A truck carrying an export container drives to Dapukou Wharf at Ningbo Zhoushan Port in East China’s Zhejiang Province on January 25, 2022. To further improve the level of cross-border trade facilitation and optimize the port’s business environment, Zhoushan Customs has streamlined its process to meet firms’ rapid customs clearance demand. Photo: cnsphoto
Traders and producers in East China’s Zhejiang Province, a barometer of the nation’s and the world’s trade situation, are gearing up for a potentially bullish year as China, after a three-year tough battle against COVID-19, lifts restrictions and strives for an economic recovery.
Local companies are increasing capacity and updating technology, while seeking new clients and markets via government-backed measures such as chartered flights and subsidies.
Ningbo, which has the world’s largest port in terms of cargo throughput, is ready for a rebound amid global challenges such as high inflation, the Russia-Ukraine conflict and weakening demand.
Walking in the streets of Ningbo, there is an orderly, unhurried pace of life as people are preparing for the upcoming Spring Festival in less than a week, while local factories have closed their doors after sending out the last batch of foreign trade goods.
But in Ningbo’s Commerce Bureau and the offices of foreign trade companies, everyone is still working hard, warming up for a busier year in 2023.
Fei Jianming, director of the foreign trade promotion division, Ningbo Municipal Bureau of Commerce, is working on government-backed supporting measures for producers and traders.
Fei helped organize the first batch of business chartered flights to Europe last July, which helped local businesspeople meet face-to-face with foreign partners and snap up potential orders for the first time in three years of epidemic restrictions. This new measure has set a good example for other cities nationwide.
But now he has no time to rest as more supporting measures are in preparation to bolster local companies, especially small- and medium-sized firms, which were hard hit by the epidemic.
The government plans more chartered flights this year, and other policies are also in place, such as subsidies of 20,000-30,000 yuan ($2970-4456) per company to attend exhibitions abroad, Fei told the Global Times on Monday. The new policies are expected to last until April.
“Businesspeople can meet their clients face-to-face using chartered flights, but that’s mostly for old clients. New ones have to be found through expos, which yield 70 percent of the new orders,” Fei said.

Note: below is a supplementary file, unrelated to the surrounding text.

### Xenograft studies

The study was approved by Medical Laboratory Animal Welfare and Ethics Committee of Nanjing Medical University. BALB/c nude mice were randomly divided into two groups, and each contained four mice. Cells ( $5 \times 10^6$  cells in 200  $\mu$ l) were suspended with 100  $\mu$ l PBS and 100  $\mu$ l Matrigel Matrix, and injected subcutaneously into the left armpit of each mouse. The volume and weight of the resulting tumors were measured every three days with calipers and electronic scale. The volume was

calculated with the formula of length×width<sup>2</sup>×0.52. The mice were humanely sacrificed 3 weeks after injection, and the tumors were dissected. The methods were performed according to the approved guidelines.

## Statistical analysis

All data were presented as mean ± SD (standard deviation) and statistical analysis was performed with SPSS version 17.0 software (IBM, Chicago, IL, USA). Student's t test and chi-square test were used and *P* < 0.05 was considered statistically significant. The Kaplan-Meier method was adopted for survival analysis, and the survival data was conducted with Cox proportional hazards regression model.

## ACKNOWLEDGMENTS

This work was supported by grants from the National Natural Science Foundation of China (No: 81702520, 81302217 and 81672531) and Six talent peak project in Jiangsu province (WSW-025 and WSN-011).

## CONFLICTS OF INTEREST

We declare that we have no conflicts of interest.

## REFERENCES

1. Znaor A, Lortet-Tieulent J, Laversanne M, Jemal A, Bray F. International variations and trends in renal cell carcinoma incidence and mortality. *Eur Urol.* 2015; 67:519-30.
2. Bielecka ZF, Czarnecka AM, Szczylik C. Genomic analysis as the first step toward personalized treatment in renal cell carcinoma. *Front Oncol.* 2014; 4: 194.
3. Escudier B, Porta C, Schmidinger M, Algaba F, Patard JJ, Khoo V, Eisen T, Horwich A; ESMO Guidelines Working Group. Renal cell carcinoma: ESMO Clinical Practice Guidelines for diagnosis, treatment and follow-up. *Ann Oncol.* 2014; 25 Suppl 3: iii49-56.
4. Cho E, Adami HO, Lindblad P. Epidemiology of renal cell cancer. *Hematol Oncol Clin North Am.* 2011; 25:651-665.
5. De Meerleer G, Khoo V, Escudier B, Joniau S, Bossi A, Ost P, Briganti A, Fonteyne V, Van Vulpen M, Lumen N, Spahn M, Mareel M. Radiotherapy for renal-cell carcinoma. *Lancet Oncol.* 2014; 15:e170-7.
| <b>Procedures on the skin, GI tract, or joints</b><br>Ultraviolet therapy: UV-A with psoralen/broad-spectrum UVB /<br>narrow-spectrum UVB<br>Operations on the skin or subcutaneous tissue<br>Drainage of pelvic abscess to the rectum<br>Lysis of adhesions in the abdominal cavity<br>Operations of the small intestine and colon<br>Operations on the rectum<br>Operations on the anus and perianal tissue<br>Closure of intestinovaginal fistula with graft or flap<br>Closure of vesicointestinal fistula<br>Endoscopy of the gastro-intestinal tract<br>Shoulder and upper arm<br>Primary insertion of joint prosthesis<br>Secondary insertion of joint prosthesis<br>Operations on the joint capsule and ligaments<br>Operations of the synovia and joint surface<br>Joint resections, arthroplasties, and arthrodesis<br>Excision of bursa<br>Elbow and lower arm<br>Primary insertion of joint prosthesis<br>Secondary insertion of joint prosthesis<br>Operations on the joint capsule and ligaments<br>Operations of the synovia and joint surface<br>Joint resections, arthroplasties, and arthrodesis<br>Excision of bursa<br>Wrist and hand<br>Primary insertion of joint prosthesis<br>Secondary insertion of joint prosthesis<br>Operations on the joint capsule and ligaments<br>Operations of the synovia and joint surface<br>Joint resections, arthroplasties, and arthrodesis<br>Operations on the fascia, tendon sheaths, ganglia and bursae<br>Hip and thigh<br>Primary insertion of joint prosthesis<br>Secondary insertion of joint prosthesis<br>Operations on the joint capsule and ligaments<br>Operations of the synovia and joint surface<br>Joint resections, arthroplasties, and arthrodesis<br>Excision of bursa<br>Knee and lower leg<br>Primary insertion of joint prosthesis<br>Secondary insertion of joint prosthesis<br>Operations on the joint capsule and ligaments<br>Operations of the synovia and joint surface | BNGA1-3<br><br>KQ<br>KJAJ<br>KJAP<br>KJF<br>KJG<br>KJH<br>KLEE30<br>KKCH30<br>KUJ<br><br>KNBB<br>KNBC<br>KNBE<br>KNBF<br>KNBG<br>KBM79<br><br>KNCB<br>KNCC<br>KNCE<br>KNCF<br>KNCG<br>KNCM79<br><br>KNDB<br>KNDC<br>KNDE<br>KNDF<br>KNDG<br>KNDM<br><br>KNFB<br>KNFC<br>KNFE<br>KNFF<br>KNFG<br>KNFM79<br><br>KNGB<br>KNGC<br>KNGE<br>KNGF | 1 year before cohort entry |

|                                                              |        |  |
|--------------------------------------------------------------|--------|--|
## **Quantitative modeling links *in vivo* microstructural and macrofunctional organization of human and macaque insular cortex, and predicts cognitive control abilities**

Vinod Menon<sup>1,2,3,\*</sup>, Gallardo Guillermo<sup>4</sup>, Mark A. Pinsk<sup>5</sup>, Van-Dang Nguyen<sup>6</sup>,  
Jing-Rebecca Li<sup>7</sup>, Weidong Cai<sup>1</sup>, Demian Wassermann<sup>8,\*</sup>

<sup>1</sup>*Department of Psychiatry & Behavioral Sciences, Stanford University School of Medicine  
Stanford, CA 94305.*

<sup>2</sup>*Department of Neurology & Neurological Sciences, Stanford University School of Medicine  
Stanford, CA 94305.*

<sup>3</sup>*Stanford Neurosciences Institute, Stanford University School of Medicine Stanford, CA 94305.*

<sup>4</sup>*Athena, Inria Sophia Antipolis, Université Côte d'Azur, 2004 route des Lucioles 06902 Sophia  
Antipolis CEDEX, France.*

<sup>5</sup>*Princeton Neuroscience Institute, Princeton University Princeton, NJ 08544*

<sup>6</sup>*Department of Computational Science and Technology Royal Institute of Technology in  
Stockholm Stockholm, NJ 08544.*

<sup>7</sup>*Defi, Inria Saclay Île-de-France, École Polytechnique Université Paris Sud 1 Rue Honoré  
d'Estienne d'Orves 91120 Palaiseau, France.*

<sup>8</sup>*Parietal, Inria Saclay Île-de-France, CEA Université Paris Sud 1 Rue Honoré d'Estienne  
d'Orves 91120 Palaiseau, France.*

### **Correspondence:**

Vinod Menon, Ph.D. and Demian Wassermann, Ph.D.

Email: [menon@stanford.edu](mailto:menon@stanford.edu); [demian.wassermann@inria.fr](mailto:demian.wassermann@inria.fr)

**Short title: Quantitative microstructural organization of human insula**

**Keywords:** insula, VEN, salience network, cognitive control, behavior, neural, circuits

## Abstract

Other steps such as helping companies find new clients and providing them with more information about destination markets will come next, the Global Times learned.
The supporting measures have paid off, judging by customs data.
In 2022, Zhejiang’s total trade hit a record, and its export contribution rate was No.1 in China. Ningbo was a major contributor.
From January to November 2022, Ningbo’s total trade reached 1.16 trillion yuan, up 7 percent year-on-year, city customs data showed.
Electromechanical products, a core local industry, led the exports. Exports of high-tech products and imports of some resource-based products also jumped.
Ding Yandong, general manager of Rollmax shutter component Co, a local roller shutter component manufacturer, has witnessed the growth, which was backed up by the strong competitiveness of Chinese goods and government support.
Ding took two of the government-organized chartered flights last year – one in July and another in November – which helped his company make a million-dollar deal and maintain old business partnerships.
Chinese-made goods offer more value for money than those from other countries. A complete supply chain, especially in cities like Ningbo, offers clients a one-stop purchasing experience, Ding said.
Looking into the new year, there are both new opportunities and challenges.
Gu Weijun, general manager of Ningbo Huamao International Trading Co, told the Global Times on Monday that clients from the US and Europe, have gradually resumed orders and inquiries.
Gu’s business covers a wide range, from bulk commodities such as minerals and timber to machinery and daily commodities.
“We expect to maintain $25 million of goods for the US market, basically the same as last year, depending on market demand and other factors. The European market may expand about 15 percent year-on-year,” Gu said.
“This means that our trade with European clients will reach $27 million, exceeding the level before the epidemic,” she said.
Weak global demand and rising oil prices, combined with inflationary concerns and the Russia-Ukraine conflict, also signal possible economic hardship.
Other challenges include rising competitiveness from some Southeast Asian countries and Turkey.